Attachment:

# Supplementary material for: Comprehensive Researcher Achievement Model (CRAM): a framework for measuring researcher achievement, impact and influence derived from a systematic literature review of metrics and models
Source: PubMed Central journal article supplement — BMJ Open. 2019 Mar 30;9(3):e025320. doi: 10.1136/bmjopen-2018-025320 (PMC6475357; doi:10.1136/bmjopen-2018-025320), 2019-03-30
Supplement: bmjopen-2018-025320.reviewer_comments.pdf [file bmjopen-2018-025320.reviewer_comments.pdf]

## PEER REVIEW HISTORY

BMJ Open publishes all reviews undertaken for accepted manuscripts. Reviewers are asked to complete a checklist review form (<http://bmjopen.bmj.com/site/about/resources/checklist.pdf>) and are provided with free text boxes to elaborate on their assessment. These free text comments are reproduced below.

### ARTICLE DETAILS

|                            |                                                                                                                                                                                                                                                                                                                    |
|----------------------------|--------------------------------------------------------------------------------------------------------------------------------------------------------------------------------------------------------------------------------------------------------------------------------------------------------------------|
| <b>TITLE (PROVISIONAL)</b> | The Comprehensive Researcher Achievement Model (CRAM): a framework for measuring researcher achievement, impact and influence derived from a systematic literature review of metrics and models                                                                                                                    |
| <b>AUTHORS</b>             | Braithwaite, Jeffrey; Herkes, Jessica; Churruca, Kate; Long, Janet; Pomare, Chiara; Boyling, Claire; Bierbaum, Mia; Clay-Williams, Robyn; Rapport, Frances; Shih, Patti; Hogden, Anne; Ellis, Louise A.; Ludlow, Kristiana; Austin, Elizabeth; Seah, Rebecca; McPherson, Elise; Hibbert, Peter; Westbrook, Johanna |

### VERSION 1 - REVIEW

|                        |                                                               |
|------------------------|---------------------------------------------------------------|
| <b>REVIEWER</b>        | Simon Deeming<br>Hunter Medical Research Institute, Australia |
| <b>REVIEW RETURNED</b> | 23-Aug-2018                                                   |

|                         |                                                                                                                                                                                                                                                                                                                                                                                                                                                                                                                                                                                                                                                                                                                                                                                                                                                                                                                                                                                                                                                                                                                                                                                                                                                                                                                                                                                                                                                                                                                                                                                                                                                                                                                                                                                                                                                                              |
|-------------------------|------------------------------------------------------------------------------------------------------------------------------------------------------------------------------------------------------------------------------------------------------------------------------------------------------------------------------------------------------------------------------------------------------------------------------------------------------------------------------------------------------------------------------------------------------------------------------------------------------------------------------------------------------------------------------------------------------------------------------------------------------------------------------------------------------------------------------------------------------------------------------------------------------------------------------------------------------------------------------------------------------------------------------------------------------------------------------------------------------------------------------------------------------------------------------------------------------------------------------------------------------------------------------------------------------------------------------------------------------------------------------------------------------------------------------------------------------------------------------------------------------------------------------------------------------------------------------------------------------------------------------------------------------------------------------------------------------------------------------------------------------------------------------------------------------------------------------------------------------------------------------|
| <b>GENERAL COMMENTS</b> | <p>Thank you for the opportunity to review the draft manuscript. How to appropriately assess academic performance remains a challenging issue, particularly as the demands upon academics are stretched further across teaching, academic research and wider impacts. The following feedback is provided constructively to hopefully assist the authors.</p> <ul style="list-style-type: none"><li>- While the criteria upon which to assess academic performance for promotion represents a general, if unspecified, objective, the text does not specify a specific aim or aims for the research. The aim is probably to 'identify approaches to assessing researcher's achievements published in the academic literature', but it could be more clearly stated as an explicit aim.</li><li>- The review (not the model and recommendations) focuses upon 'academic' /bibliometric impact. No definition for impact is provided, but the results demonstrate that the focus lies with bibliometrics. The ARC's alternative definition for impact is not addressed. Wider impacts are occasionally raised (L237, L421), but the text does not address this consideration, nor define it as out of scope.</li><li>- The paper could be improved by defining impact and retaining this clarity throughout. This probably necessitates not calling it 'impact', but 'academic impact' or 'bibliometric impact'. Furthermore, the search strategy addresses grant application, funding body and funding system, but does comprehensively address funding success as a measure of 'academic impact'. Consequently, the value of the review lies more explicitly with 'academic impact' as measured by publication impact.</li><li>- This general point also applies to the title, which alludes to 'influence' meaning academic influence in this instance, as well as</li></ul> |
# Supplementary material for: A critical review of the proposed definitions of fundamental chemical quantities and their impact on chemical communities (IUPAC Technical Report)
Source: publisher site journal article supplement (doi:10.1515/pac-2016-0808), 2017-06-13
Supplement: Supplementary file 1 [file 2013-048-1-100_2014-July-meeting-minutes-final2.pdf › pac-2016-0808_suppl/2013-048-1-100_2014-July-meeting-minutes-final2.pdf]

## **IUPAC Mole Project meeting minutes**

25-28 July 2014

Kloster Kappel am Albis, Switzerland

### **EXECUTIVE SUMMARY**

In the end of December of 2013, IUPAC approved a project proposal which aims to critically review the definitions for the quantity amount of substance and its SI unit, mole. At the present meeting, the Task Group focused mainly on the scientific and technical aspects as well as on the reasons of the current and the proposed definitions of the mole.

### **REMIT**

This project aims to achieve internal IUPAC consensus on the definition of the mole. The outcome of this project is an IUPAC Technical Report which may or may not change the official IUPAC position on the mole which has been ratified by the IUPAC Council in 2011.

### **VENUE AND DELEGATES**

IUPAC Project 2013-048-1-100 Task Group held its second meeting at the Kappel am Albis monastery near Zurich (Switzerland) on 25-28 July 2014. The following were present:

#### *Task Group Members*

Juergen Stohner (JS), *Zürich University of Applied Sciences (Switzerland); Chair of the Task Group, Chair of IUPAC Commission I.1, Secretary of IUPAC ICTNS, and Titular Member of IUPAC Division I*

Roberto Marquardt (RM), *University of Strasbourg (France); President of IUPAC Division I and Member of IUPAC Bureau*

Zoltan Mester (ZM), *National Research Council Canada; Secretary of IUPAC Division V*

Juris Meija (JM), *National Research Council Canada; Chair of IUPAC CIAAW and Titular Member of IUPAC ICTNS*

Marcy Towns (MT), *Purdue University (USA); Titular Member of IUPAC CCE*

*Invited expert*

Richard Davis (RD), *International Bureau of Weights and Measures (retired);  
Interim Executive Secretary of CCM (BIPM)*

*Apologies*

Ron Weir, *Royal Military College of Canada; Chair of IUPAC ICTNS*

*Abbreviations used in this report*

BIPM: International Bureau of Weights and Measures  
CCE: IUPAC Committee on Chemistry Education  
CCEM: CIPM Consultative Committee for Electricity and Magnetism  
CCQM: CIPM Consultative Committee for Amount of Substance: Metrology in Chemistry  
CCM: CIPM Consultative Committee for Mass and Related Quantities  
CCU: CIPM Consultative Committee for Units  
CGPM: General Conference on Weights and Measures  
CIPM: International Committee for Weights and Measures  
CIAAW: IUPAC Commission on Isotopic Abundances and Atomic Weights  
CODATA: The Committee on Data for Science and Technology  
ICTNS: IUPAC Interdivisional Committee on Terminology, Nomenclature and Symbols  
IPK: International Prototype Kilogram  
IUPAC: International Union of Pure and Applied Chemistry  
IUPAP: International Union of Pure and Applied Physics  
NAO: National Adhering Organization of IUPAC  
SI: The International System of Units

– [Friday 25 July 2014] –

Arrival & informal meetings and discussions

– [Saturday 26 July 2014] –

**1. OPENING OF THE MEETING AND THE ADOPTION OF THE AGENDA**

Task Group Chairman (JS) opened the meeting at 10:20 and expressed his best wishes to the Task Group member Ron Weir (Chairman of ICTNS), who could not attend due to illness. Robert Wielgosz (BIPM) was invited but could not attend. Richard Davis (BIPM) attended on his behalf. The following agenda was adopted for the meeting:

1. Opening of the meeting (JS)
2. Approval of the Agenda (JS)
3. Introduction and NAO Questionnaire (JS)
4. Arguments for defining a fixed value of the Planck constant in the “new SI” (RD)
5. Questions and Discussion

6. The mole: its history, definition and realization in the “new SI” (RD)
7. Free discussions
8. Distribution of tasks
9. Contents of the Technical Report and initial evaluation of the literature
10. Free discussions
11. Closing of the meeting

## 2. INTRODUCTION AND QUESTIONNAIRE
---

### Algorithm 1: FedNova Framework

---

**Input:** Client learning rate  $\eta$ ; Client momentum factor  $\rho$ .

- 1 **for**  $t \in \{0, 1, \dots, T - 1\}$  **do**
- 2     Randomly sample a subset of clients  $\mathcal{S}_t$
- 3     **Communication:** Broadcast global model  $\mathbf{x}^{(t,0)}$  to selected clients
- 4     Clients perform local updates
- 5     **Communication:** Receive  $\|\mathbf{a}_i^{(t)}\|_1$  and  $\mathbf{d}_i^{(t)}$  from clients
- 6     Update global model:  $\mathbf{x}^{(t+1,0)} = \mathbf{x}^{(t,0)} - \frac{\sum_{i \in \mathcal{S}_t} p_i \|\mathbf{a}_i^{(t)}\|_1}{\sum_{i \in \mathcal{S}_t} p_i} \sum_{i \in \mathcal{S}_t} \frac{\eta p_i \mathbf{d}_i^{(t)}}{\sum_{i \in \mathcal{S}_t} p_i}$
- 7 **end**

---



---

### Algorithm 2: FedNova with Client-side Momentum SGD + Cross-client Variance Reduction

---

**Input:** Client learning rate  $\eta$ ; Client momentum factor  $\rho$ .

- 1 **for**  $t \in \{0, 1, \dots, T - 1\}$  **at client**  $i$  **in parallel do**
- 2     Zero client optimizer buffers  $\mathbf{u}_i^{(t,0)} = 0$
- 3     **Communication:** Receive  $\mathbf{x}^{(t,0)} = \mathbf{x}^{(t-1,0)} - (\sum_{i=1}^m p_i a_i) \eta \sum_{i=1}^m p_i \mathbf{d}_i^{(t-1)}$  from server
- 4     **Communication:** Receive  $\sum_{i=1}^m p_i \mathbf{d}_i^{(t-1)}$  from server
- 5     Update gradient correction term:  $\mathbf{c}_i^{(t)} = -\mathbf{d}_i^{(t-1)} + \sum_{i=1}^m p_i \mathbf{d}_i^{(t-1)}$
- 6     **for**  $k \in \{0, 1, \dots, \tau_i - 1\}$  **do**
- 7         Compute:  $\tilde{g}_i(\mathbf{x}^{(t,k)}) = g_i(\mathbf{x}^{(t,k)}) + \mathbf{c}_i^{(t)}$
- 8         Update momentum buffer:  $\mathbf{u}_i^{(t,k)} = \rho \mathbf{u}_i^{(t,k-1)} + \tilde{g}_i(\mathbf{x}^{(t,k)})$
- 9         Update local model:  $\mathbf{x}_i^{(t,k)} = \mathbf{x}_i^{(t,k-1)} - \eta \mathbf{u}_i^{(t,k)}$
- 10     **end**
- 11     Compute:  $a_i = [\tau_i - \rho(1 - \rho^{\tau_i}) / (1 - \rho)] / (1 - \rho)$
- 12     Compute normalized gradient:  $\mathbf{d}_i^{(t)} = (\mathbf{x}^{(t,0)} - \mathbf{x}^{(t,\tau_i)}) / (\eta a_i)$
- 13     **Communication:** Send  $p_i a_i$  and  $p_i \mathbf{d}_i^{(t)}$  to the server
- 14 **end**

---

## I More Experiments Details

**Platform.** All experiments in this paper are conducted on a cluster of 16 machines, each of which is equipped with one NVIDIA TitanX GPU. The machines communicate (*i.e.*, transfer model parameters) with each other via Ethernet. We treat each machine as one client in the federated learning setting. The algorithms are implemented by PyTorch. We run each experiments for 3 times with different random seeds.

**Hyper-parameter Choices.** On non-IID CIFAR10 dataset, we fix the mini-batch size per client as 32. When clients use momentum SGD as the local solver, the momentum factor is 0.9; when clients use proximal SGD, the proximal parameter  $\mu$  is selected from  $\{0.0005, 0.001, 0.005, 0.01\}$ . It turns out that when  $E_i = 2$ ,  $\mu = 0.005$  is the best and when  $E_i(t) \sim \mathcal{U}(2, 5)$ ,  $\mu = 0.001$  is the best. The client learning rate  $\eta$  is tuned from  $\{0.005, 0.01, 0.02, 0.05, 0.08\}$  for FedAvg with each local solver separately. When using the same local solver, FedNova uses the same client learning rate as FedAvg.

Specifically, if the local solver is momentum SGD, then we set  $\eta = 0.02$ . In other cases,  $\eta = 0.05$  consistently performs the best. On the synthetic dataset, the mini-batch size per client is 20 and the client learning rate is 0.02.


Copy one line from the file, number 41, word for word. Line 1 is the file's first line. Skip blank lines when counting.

Ron Weir, *Royal Military College of Canada; Chair of IUPAC ICTNS*